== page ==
A Fine Team

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Husband and Wife Collaborate Across an Ocean for'War/Dance'

At the 2007 Sundance Film Festival, the Documentary Directing Award (Independent Film Competition) went to husband-and-wife team Sean Fine and Andrea Nix Fine, who are based in Chevy Chase, Md. The Washington Diplomat interviewed the Fines to discuss “War/Dance,” a children’s musical set against the backdrop of beautiful landscapes in a brutal war zone of Uganda (see film review in the November 2007 issue of The Washington Diplomat).

Sean recalled the film’s origins: “We got a call from another husband-and-wife team that just started a nonprofit called Shine Global. He said, ‘We want to make a documentary about Northern Uganda.’

“We said, ‘What’s going on in Northern Uganda?’

“He said, ‘You need to get off the phone and go Google it and look into it.’”

So they did and in their research discovered a ravaging 20-year-long civil war, in which rebels routinely abduct children to serve as sex slaves and fighters.

“We were reading about awful atrocities that were happening against children. We were pretty shocked that we hadn’t heard about it … and ashamed,” Sean admitted.

“From day one, Andrea and I said, ‘We’ve got to make this different than other African films’ … that’s pretty much policy experts, interviews, about the issue itself,” Sean explained. “We wanted to make a personal film. We wanted to make a film that was told in the voices of the people who were most affected by this war, and that’s children. That’s what we set out to do when we left for Northern Uganda on a scout.”

Two days before they left, the couple heard about a possible music competition in the area. “We were scouting three or four possible stories, all with hopeful messages,” Sean said. “We wanted to tell a story where you’re not just focusing on the horror because you kind of get numbed to that. We’ve all seen those images of children with distended bellies and poverty. We’ve all heard of child soldier situations. I think people just grow numb to it.

“We wanted to look at how a child that goes through something like a civil war, deals with it, how they find normalcy in that, how they live,” the director said.

At first though, the couple couldn’t find any schools that were in the music competition—“until my translator said, ‘There’s one school I heard about, but it’s in the most isolated, dangerous part of the war zone, a place where not even aid organizations go.’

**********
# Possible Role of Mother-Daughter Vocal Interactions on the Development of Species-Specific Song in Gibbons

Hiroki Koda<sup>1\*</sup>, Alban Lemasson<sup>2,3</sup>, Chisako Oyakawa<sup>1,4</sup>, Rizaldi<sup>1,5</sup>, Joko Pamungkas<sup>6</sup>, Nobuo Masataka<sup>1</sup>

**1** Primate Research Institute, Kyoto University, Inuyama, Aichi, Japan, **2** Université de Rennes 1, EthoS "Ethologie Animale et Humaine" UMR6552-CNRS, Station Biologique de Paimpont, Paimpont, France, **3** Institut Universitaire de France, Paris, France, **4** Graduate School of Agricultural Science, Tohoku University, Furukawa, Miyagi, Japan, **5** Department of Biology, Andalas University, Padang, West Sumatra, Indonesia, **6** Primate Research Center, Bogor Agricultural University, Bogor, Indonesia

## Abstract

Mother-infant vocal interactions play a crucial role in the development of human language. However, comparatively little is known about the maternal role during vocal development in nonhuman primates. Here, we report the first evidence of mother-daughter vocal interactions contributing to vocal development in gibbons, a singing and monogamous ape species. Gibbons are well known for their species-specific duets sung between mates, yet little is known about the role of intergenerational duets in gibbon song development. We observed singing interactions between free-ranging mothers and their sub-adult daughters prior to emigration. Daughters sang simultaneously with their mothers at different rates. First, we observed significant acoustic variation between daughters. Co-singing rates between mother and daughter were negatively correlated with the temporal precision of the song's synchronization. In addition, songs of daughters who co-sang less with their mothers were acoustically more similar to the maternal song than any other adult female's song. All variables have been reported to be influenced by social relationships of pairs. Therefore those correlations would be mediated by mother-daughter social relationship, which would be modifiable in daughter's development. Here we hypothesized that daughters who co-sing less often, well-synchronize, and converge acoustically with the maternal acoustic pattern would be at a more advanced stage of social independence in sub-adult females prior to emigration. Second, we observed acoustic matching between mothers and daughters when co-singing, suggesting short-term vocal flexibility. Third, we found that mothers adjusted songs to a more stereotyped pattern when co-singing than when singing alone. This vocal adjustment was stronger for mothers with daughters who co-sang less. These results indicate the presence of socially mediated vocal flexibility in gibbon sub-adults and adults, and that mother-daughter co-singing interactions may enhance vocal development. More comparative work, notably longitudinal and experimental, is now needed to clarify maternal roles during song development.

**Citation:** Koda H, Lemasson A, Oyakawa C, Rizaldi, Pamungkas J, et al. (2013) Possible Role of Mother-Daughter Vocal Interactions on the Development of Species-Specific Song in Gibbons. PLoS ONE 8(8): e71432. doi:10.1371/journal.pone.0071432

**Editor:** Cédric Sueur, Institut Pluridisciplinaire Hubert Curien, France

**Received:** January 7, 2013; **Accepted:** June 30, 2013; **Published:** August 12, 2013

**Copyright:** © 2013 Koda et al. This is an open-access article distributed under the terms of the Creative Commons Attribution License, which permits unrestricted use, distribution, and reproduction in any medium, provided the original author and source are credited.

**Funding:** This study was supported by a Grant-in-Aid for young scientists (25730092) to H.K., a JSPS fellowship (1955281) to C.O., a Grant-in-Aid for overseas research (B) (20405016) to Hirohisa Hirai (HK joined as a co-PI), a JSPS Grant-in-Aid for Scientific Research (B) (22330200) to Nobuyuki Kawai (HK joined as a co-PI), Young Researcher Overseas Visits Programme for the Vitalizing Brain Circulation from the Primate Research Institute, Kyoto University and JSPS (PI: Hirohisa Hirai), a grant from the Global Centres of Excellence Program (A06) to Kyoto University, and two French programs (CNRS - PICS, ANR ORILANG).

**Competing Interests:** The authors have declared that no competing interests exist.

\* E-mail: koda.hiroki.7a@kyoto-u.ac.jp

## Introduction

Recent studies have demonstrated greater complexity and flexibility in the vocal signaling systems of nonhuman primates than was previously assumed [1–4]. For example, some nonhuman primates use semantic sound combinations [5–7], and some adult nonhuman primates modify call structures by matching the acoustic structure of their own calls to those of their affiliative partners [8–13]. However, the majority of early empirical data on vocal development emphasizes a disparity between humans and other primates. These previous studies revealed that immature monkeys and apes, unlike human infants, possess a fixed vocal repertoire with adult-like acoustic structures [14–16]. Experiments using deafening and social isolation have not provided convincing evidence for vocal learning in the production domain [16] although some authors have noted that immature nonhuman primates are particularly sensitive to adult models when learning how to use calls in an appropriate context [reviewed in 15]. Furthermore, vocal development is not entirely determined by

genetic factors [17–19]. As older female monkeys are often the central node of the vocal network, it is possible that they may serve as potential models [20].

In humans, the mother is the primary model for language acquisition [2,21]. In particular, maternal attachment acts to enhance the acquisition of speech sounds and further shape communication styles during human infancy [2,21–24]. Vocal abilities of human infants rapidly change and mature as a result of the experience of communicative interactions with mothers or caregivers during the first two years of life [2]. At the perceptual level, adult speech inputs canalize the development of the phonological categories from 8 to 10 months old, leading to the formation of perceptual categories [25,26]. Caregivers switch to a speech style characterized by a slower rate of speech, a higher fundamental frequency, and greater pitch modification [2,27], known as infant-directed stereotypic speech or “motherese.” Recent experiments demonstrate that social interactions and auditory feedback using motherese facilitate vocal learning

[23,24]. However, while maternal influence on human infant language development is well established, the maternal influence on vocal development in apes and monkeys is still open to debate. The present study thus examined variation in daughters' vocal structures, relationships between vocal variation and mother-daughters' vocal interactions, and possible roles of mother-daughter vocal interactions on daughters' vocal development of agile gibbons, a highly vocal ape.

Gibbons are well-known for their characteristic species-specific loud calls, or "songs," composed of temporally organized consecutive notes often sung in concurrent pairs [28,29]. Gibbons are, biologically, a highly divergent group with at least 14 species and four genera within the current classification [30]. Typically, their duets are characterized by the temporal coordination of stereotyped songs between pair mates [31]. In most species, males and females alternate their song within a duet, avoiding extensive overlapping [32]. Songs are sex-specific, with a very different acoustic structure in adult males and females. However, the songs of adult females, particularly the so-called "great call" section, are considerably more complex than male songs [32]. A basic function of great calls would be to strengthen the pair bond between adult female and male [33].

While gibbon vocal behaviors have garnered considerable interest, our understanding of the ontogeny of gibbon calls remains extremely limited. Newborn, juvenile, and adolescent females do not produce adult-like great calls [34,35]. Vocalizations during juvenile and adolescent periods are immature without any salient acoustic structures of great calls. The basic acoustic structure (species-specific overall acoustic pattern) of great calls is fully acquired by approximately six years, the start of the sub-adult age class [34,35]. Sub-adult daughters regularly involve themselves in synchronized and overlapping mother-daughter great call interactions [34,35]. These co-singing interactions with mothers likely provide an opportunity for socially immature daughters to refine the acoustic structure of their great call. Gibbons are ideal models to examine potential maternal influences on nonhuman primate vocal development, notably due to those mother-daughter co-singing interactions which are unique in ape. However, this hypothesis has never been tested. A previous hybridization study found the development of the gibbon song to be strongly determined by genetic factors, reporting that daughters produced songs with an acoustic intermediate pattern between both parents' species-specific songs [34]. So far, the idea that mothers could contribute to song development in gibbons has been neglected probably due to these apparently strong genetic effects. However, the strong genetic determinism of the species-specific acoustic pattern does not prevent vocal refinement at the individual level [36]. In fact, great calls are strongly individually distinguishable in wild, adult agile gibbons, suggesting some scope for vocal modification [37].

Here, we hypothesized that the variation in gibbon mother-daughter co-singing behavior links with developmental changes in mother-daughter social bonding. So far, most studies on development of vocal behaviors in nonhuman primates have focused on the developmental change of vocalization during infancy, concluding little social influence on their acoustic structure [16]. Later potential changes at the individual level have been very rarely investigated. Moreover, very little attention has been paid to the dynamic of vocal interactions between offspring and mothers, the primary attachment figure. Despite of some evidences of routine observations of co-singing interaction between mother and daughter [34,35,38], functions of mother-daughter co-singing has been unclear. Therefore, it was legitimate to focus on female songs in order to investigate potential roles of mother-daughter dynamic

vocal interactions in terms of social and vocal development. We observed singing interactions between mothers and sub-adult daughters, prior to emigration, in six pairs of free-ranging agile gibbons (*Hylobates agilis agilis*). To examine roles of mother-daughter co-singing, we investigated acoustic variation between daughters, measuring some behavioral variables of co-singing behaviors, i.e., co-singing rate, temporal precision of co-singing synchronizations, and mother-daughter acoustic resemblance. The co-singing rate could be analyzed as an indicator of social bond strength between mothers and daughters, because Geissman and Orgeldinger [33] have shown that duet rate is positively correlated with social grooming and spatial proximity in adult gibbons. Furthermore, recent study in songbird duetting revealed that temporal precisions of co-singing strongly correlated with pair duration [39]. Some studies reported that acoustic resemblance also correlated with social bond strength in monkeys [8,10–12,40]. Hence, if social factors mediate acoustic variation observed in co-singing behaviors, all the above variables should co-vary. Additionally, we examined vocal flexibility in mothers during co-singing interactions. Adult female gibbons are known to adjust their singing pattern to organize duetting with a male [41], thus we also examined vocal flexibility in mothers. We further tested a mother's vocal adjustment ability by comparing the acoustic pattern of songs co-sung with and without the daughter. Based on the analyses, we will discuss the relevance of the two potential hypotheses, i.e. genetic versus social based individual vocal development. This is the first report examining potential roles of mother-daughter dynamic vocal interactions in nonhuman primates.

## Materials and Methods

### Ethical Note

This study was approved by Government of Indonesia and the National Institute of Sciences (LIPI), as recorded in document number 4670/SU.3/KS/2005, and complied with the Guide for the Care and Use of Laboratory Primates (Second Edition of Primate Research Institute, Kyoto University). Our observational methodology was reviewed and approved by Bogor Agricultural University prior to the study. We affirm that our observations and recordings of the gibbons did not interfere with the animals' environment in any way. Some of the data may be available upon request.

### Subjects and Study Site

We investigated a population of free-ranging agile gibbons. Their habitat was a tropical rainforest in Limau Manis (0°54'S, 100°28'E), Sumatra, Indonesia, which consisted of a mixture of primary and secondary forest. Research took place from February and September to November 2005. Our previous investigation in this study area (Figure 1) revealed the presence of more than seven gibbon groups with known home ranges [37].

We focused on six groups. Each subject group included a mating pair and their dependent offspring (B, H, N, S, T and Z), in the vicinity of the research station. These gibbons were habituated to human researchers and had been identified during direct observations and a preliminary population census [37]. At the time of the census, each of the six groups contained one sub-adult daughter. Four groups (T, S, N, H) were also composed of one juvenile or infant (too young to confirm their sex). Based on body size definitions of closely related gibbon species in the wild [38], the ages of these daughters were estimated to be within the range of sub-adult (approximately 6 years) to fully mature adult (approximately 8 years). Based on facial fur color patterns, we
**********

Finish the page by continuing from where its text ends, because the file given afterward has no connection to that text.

“The day we pulled up into that place was really an amazing experience,” Sean recalled. “You’re driving through this dangerous war zone. You’re going 80 to 100 miles an hour. You’re driving through dusty roads. You’re looking next to you to make sure that no rebels are going to jump out and shoot your car. You’re also seeing this beautiful landscape go by. Then you’re driving through the camp. It’s really ugly. It’s a difficult place.

“Then you hear singing. You roll up, and there’s this beautiful big tree. It’s almost like an oasis in the middle of this war zone. There’s singing and dancing. We’ve got to film this because it’s just amazing.”

Sean’s wife Andrea didn’t go to Uganda. “We always worked on a film together, but this film was different,” she explained. “We had a 10-month-old baby. Being a first-time parent changes everything.

“It was challenging when I found out Sean got malaria,” she added. “My initial response was, ‘You’re done. Get home. We’re not going to do anybody any good if you die. We’re not going to make a good film that way. We can always try to get you back there.’”

But Sean was able to travel to receive medical attention after a few days, although he was initially held up at gunpoint in the middle of the night by the military thinking Sean and his crew were rebels.

The couple though is used to the rigors, and dangers, of international travel. “We worked for National Geographic for years. We shot in a lot of countries. You try to prepare yourself as much as possible and hope that you can do it safely,” Andrea said.

Sean insisted, “Even though we’re not physically there together, we are making that film together. It was such a stressful, difficult situation—having Andrea have the ability to step back [and say], ‘Have you thought about following this road?’ It wouldn’t be the film it was if Andrea wasn’t here, and I wasn’t there.”

About the Author

Ky N. Nguyen is the film reviewer for The Washington Diplomat.

Last Edited on November 29, 1999